And that's where Settlers of Catan comes into the picture. I'll be honest, the complaints the game gets are real. A bad start through little or no fault of your own can put you at a measurable disadvantage. Odd rolls of the dice during gameplay can knock you back too. That's Settlers. You need to work with what you're dealt and hope for a couple of breaks to go your way to win the game. But for me personally those aren't flaws, they're merely facets of a game that throws adversity before you. They're the nature of Settlers, and I find the game rewarding because of them. As often as not three or four turns into a game I'll look at the board and (as I do in other games) I'll make an assessment of how things are going. Where do I stand? Am I in control where I need to be? Do I have options? Do I play a conservative game and close the deal or do I need to get creative and hope for the wind to change? Sometimes the assessment is pretty grim, and my goals in the game change from "go for the win" to "let's try to get seven points" or "let's see if I can steal second place." I'll still play to win, but I'm not a fool. I can judge my chances as well as anyone else and sometimes the win is out of reach. But with personal goals I keep my head in the game; I keep playing hard; I figure out how to make tough things work. I learn. The game never becomes a wash-out for me personally, because I value the win less than I value the learn.
To Settler's credit it's one of the most versatile games in its weight class. The ability to adjust risk for reward is very high compared to its more modern brethren and those same twists of fate that knock you in one game lift you in the next. You emotionally throw in the towel at significant risk -- three rolls of the dice can put you in a commanding position every bit as quickly as a hopeless one. Fate is occasionally your best friend. But more than that, Settlers seems to have the ability to throw odd nuggets onto the table that can catch you off guard, often by where the tiles and the numbers land at the beginning of the game. Getting locked into a small corner of the board may not be so bad if you own all of the Ore vertices. Two cities and a matching port can turn your two-town layout into a powerhouse. Settlers presents a lot of odd circumstances and curious twists of fate in a simple little package.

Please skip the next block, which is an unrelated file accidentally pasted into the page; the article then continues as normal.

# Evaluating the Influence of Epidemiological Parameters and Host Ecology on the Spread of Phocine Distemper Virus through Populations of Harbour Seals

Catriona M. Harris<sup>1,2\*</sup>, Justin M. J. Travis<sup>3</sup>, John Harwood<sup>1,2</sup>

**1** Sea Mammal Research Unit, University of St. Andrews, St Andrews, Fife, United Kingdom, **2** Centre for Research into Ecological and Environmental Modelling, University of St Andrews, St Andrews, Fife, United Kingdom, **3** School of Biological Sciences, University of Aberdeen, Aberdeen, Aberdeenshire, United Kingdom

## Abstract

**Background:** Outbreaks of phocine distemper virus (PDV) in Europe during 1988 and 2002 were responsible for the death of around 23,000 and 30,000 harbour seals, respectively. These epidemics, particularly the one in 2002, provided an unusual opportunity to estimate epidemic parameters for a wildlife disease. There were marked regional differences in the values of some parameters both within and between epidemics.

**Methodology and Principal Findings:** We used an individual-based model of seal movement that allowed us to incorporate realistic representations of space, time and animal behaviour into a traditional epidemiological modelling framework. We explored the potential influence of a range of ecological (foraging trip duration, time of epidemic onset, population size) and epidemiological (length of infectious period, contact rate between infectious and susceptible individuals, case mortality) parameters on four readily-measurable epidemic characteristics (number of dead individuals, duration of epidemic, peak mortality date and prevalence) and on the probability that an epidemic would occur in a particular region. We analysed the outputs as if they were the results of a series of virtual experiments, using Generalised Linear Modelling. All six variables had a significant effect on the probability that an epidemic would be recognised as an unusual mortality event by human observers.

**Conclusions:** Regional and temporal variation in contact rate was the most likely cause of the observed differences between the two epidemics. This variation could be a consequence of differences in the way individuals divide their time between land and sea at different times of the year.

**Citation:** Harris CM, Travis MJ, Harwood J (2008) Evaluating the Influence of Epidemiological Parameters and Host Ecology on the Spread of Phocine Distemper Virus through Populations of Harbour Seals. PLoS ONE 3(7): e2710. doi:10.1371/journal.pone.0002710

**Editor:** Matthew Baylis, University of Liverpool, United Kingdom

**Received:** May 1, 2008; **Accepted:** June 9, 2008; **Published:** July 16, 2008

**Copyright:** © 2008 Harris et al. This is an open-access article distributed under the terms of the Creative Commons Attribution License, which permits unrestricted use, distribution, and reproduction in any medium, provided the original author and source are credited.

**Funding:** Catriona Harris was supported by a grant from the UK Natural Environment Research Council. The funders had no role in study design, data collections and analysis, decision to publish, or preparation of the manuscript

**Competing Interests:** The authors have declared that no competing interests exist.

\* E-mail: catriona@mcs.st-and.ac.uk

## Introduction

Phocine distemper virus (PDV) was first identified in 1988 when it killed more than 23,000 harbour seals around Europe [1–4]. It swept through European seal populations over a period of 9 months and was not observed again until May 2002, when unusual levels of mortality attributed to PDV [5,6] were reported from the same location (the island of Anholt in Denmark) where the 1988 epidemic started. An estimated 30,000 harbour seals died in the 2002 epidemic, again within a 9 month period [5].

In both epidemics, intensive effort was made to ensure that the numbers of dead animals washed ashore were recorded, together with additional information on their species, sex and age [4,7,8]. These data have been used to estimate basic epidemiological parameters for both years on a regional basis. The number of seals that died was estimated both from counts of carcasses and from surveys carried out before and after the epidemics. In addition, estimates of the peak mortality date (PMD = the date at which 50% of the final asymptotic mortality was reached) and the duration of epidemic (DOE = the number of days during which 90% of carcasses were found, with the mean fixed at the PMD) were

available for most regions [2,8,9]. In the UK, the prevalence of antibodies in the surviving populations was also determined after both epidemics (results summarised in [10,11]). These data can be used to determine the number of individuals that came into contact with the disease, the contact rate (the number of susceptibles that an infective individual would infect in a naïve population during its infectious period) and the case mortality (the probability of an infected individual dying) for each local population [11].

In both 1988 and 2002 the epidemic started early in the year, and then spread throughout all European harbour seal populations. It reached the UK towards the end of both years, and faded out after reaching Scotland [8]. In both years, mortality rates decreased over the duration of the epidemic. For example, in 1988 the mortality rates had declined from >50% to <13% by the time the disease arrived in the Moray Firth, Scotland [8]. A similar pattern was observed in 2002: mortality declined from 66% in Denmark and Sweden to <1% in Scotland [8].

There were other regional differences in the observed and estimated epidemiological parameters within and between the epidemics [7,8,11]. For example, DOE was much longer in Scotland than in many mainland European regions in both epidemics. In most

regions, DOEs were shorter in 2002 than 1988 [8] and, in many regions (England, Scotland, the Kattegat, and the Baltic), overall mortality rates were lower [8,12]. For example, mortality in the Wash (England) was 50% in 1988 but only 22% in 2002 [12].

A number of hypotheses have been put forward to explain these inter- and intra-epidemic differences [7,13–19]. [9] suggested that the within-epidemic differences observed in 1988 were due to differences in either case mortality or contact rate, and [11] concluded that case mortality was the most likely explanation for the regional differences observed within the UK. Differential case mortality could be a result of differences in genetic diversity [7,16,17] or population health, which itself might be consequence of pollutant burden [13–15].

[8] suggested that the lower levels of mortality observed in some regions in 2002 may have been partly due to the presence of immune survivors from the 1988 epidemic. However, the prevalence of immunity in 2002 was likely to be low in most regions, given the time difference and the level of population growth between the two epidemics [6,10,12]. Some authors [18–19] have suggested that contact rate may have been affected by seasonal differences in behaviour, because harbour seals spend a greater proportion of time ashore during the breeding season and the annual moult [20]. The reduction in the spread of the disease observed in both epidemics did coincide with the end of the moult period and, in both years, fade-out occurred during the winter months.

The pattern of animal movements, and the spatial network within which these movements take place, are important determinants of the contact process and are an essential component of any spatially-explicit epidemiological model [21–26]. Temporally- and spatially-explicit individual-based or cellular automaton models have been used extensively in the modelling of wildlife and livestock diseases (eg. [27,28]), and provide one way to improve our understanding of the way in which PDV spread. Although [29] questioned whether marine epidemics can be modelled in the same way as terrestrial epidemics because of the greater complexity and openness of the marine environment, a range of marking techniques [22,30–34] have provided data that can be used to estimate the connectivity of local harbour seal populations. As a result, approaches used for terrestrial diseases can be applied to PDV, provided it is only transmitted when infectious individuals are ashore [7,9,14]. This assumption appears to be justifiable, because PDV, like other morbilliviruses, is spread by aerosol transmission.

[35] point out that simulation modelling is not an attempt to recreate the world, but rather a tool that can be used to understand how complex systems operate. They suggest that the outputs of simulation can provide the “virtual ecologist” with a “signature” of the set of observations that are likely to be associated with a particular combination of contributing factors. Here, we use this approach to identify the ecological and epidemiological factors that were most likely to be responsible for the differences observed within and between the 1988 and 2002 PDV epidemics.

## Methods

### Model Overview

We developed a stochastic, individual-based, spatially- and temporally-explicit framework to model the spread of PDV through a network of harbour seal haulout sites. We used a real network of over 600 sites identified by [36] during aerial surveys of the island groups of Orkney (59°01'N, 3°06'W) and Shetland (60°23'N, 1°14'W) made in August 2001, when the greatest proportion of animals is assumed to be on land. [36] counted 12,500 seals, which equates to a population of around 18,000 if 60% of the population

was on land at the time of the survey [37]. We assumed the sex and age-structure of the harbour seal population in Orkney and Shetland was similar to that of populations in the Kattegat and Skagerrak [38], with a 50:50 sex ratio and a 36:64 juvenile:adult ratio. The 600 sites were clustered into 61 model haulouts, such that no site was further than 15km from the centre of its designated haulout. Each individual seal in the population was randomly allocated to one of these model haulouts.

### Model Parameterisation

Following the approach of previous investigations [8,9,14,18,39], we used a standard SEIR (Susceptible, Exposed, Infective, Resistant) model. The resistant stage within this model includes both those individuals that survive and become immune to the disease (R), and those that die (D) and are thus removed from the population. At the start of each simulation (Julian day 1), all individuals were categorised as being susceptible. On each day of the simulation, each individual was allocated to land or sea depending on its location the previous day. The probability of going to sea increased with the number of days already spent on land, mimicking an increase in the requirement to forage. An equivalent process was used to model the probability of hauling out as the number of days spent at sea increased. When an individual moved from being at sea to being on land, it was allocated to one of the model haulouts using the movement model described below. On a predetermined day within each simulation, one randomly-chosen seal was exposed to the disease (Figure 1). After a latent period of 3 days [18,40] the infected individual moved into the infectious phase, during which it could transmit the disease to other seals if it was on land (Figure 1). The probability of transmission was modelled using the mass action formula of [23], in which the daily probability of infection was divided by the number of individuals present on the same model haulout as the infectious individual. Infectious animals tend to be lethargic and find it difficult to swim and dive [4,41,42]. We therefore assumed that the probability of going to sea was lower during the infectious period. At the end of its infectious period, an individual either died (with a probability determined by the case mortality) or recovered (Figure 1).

A favorite game of mine? Yes and no. It's not really in my wheelhouse, but I can't help but admire its design and its ability to serve the mainstream of the gaming market so well. Though a little counterintuitive to new players (since none of your pieces on the board ever move) it is really quite straightforward to learn yet manages to present a broad face each time you play. Were I to win a raffle and get to pick a game to take credit for designing I think Settlers of Catan would be it because it’s so comfortable in its own skin. It's an engineer's game, where a simple solution providing a big result is the sacred goal.
And it's a game that teaches. You can learn something new each time you play, but only if you don't give up. Keep your head in the game. Learn. Make it work.
That’s why I like Settlers, and that's why I play.
A quick follow-on to the article. Years back it was not uncommon to find photos of Wednesday night races on the Internet and it was my intention to put recent images of the exact boat that I sailed on into this article. To my surprise I could find no recent ones, and a bit of research showed me why. The boat was sold to a new owner in the Netherlands, renamed Morning Star and now sails on the far side of the Atlantic from me. I stumbled across the photo below, which much to my surprise shows its old owner Ken aboard it in European waters, and by dumb luck shows it fully rigged for downhill racing with Main (upper left corner), Spinnaker (blue red and yellow on the right), Blooper (blue at bottom left) and Staysail (dead center) all deployed to grab onto every ounce of wind available. The numbers on the Spinnaker tell the tale, US 32200 which stay with a vessel regardless of its changes in name, owner or country of registry. I've sailed on many but this boat is the one I'd most love to get one more ride on. Alas, Jur has a better chance of that than I do.
Ken and his wife on Morning Star.